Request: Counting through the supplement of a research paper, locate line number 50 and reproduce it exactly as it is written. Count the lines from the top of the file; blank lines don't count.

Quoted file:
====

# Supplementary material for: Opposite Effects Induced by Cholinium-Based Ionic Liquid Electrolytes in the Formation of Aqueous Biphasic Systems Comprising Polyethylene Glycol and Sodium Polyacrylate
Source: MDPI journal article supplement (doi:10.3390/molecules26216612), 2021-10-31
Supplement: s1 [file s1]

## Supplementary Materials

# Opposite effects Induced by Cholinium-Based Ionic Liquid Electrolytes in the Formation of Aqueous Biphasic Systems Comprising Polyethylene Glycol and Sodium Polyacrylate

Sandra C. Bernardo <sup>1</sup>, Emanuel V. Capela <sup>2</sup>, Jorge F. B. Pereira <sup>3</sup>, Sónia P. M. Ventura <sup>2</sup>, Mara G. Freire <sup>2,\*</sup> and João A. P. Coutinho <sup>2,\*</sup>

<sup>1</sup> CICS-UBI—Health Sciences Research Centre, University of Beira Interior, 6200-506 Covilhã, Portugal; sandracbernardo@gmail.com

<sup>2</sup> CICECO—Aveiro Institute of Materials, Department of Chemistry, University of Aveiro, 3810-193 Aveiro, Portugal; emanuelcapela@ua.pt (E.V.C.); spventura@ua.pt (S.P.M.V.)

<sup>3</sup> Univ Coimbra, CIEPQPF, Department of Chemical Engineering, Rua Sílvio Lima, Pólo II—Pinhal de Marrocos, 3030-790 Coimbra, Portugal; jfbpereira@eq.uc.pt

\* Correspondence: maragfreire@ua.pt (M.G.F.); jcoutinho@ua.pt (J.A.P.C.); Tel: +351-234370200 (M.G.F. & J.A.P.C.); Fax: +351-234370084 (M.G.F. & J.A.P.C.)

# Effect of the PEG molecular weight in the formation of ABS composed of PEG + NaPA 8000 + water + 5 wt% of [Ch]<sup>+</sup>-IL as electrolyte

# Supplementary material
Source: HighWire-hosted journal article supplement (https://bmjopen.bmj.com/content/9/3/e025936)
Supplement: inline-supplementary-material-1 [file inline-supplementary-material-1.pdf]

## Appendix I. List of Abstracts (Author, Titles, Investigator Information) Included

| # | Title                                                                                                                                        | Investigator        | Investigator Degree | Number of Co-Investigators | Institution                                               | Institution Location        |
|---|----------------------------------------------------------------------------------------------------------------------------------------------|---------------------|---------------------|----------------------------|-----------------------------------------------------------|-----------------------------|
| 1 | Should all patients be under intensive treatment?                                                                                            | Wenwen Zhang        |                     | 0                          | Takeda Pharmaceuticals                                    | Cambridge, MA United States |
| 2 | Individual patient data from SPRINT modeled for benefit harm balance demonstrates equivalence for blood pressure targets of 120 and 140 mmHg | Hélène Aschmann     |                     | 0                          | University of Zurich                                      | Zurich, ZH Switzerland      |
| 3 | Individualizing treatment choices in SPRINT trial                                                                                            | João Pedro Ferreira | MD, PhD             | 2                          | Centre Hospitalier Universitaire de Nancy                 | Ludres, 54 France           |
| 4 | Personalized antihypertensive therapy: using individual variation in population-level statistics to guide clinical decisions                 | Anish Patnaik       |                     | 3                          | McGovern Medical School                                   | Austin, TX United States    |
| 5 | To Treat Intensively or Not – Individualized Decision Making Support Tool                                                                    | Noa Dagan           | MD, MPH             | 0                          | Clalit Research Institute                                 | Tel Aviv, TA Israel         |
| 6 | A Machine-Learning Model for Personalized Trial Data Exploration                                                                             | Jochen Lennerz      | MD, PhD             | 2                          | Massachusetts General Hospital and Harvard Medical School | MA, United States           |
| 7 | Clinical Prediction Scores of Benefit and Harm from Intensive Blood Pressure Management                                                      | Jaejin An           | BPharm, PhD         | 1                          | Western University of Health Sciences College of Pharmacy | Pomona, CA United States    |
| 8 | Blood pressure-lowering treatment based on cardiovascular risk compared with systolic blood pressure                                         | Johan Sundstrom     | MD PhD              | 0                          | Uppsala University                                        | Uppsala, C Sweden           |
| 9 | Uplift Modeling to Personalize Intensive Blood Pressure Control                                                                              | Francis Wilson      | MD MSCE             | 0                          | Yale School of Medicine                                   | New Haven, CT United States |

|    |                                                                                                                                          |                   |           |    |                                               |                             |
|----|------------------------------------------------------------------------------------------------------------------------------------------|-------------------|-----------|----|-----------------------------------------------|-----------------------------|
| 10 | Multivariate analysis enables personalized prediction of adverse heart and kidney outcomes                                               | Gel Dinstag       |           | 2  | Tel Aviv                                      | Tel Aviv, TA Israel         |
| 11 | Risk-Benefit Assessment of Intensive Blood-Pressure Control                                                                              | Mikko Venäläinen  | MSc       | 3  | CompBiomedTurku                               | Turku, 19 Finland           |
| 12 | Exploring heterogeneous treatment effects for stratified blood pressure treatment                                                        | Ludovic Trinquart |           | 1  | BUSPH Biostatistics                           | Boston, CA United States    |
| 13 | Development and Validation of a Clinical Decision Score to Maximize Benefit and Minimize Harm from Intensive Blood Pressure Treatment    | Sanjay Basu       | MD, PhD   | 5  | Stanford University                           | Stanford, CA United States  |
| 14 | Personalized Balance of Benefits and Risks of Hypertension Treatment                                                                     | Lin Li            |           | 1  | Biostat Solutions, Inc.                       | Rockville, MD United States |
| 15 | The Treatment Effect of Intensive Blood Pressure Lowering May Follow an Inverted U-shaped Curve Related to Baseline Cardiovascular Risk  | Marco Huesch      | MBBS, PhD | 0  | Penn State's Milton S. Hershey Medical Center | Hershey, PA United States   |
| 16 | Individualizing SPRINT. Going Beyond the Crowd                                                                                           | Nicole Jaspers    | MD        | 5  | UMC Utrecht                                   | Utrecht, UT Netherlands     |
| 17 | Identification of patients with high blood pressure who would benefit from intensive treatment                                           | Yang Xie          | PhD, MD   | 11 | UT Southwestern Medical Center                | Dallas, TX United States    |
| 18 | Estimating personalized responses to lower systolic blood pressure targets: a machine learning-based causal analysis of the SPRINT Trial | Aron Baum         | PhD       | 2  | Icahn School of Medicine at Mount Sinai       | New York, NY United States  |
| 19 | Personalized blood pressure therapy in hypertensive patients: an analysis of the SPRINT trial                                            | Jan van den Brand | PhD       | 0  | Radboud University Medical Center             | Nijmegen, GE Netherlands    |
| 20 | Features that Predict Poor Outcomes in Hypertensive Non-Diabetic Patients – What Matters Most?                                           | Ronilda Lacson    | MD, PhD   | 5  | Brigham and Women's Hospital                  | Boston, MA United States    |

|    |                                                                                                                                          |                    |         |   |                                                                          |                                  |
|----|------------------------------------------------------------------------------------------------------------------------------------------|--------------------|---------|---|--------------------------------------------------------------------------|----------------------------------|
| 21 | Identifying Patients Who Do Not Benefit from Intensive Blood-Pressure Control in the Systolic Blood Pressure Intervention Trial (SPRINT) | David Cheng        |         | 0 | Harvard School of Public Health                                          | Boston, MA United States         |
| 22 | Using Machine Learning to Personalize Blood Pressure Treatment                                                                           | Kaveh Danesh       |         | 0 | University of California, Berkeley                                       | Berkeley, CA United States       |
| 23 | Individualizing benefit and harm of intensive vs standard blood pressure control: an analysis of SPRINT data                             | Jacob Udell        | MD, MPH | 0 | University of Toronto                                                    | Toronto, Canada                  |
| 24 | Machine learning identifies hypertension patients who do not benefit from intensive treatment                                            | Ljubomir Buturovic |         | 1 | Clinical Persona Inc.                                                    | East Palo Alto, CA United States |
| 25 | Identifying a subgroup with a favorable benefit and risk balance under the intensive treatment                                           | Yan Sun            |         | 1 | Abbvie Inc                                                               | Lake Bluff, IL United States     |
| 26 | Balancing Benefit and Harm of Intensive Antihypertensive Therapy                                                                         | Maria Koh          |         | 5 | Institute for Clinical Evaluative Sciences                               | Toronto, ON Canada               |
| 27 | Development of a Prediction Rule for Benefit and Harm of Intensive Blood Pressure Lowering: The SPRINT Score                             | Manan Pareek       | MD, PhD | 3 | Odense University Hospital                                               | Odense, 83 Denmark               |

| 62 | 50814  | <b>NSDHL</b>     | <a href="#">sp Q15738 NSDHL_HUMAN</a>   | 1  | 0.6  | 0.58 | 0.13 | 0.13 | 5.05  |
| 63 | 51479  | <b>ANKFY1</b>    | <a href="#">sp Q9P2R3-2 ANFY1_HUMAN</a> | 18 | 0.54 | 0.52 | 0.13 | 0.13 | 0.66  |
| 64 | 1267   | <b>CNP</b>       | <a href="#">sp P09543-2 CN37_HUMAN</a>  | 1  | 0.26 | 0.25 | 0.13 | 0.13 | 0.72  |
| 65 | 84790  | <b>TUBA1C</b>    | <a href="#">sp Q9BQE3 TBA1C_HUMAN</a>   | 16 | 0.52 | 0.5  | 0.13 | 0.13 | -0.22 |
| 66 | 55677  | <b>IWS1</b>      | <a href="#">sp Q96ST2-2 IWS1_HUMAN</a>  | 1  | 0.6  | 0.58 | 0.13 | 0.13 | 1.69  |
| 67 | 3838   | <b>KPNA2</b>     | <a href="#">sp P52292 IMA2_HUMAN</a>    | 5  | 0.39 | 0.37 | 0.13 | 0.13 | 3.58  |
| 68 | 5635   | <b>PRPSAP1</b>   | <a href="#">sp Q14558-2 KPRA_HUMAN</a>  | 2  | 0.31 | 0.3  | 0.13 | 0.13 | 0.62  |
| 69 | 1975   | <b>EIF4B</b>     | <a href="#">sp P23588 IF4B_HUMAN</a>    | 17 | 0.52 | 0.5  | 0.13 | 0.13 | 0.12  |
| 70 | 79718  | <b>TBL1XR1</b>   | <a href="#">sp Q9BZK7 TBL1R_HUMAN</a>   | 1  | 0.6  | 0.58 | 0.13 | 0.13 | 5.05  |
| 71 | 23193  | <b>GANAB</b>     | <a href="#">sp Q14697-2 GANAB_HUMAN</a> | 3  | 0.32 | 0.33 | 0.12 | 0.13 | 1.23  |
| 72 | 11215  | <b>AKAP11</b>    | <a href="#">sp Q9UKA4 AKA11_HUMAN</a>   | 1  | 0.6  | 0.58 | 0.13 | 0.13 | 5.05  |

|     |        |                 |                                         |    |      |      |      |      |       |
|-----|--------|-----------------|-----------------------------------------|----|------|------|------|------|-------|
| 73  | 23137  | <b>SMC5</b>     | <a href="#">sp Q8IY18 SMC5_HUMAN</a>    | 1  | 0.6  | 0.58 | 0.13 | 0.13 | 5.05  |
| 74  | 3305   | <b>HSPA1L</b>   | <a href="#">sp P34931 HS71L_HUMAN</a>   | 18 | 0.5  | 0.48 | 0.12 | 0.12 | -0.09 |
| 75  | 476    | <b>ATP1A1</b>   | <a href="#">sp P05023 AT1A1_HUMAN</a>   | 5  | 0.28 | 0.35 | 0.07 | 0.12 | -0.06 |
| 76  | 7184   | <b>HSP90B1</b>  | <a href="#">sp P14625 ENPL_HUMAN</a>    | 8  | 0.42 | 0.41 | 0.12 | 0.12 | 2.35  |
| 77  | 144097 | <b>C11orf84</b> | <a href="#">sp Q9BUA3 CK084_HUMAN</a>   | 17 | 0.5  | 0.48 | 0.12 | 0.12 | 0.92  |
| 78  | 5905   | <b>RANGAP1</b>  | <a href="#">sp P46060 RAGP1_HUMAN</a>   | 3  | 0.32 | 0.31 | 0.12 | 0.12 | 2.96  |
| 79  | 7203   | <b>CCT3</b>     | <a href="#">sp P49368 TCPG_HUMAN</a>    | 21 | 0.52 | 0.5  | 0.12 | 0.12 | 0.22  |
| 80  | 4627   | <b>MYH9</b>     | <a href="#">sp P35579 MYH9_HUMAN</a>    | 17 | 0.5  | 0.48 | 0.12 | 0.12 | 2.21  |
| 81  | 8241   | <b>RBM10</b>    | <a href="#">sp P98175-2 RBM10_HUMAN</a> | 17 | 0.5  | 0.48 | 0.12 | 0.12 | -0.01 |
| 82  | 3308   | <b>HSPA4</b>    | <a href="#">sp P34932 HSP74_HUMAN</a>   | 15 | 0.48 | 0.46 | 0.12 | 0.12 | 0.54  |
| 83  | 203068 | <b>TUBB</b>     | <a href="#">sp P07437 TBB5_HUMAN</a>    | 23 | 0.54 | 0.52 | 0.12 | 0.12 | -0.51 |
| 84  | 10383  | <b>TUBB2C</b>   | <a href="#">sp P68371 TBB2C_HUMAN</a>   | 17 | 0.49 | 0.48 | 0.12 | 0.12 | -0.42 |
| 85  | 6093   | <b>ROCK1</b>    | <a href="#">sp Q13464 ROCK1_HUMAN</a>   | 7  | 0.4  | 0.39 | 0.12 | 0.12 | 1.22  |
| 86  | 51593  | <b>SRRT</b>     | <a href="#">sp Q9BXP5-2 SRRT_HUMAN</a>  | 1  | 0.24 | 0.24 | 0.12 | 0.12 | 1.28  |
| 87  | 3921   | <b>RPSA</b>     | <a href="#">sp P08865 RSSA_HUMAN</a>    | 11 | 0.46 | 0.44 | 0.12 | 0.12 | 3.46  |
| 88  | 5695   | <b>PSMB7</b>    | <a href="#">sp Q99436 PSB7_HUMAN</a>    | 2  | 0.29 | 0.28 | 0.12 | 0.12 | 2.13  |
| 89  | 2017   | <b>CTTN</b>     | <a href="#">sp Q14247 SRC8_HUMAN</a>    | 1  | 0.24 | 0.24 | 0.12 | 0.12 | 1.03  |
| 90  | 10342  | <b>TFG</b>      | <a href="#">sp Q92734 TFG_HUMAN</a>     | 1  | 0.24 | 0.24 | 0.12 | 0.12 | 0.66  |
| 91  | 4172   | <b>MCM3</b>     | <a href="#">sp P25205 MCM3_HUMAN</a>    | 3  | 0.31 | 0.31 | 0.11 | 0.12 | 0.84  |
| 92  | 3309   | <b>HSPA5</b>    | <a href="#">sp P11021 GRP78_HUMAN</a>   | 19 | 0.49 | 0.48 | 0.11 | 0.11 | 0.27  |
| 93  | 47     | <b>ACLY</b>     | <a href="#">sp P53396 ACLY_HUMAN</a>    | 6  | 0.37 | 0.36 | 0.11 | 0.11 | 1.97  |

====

| 63 | 51479  | <b>ANKFY1</b>    | <a href="#">sp Q9P2R3-2 ANFY1_HUMAN</a> | 18 | 0.54 | 0.52 | 0.13 | 0.13 | 0.66  |